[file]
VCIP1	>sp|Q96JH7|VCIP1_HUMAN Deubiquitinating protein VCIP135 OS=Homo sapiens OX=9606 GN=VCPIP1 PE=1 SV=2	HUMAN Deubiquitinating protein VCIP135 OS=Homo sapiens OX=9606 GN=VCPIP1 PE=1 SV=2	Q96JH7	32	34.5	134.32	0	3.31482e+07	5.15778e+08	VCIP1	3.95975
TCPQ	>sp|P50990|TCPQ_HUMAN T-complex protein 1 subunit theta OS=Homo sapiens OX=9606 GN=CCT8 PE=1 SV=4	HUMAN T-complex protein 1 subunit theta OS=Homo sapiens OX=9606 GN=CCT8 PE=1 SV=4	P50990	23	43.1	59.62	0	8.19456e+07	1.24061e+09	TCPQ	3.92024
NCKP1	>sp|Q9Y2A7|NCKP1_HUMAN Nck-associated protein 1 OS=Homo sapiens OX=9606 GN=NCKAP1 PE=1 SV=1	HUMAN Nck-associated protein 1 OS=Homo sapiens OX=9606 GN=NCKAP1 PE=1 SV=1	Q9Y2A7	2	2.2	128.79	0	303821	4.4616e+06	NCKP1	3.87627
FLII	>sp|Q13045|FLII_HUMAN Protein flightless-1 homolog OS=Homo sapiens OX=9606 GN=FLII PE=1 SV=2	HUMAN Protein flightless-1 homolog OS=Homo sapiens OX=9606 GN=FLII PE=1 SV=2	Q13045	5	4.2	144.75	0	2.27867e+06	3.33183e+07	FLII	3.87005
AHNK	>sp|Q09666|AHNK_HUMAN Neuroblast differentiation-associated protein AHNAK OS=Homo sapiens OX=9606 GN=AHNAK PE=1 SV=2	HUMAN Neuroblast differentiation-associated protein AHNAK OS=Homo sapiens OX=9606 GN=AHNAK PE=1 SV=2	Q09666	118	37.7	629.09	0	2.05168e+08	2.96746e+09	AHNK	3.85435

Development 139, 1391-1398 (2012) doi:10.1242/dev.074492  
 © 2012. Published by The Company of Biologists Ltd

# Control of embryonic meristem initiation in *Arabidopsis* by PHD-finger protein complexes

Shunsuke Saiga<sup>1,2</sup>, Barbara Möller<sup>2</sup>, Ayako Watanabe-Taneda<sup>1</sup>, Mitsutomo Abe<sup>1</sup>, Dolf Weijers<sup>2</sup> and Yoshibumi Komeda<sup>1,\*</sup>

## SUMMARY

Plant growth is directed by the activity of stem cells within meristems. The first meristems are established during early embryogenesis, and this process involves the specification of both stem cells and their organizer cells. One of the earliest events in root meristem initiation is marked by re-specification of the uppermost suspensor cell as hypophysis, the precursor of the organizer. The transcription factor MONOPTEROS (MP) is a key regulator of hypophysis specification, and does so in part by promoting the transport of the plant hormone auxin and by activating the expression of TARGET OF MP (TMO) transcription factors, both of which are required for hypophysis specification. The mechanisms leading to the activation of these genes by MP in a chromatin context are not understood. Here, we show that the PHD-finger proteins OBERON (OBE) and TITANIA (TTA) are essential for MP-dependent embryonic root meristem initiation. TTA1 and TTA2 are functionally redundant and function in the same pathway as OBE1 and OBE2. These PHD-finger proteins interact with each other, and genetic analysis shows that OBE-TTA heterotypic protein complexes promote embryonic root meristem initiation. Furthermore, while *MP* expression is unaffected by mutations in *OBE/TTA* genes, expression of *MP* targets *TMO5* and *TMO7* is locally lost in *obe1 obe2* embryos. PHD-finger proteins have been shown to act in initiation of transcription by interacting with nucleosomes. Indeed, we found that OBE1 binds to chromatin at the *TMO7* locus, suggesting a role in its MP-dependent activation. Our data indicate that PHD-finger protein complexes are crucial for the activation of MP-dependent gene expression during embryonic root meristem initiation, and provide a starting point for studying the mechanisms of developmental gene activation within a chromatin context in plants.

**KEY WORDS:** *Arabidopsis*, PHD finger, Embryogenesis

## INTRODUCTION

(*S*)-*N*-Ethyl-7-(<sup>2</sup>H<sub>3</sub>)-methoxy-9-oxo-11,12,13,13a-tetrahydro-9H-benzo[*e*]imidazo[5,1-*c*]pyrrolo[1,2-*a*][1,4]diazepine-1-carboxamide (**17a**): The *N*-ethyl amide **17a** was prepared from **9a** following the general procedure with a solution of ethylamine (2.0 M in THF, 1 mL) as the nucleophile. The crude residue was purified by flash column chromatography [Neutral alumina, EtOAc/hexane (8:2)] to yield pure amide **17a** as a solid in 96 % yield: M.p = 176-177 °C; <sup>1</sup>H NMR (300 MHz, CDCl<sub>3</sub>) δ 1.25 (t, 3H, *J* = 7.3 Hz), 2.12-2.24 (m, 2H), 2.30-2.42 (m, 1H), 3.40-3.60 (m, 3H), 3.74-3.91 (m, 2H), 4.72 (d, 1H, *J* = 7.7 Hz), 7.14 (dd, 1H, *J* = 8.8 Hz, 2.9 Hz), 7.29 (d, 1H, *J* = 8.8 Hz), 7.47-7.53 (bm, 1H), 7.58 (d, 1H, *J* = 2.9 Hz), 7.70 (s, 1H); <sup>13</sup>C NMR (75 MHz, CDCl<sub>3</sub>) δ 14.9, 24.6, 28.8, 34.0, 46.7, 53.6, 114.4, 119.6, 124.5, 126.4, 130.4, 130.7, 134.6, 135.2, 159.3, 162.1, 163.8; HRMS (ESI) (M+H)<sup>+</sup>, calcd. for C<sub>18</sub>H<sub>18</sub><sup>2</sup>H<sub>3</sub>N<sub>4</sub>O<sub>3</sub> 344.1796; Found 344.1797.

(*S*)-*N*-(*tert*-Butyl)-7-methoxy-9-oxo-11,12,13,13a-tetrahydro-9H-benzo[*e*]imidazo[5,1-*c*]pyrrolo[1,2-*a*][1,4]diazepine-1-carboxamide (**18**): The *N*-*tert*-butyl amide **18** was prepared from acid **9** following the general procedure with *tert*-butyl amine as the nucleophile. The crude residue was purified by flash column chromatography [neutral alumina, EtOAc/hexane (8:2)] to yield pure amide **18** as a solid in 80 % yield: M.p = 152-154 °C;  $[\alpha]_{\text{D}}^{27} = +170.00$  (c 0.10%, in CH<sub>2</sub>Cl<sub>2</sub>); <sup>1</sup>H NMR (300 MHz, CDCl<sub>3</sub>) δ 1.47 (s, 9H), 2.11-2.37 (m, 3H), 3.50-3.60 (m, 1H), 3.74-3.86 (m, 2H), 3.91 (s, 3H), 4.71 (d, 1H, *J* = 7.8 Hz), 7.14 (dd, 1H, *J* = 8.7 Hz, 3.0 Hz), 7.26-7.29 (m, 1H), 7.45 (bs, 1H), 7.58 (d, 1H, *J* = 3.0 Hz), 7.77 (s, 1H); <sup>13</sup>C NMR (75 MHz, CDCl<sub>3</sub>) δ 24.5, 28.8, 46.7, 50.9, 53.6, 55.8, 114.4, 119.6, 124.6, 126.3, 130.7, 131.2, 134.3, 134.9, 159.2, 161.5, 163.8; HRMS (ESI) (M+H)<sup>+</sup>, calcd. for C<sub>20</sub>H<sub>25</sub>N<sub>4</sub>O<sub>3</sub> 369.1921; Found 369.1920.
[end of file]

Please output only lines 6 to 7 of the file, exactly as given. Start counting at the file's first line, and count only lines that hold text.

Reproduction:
Development 139, 1391-1398 (2012) doi:10.1242/dev.074492  
 © 2012. Published by The Company of Biologists Ltd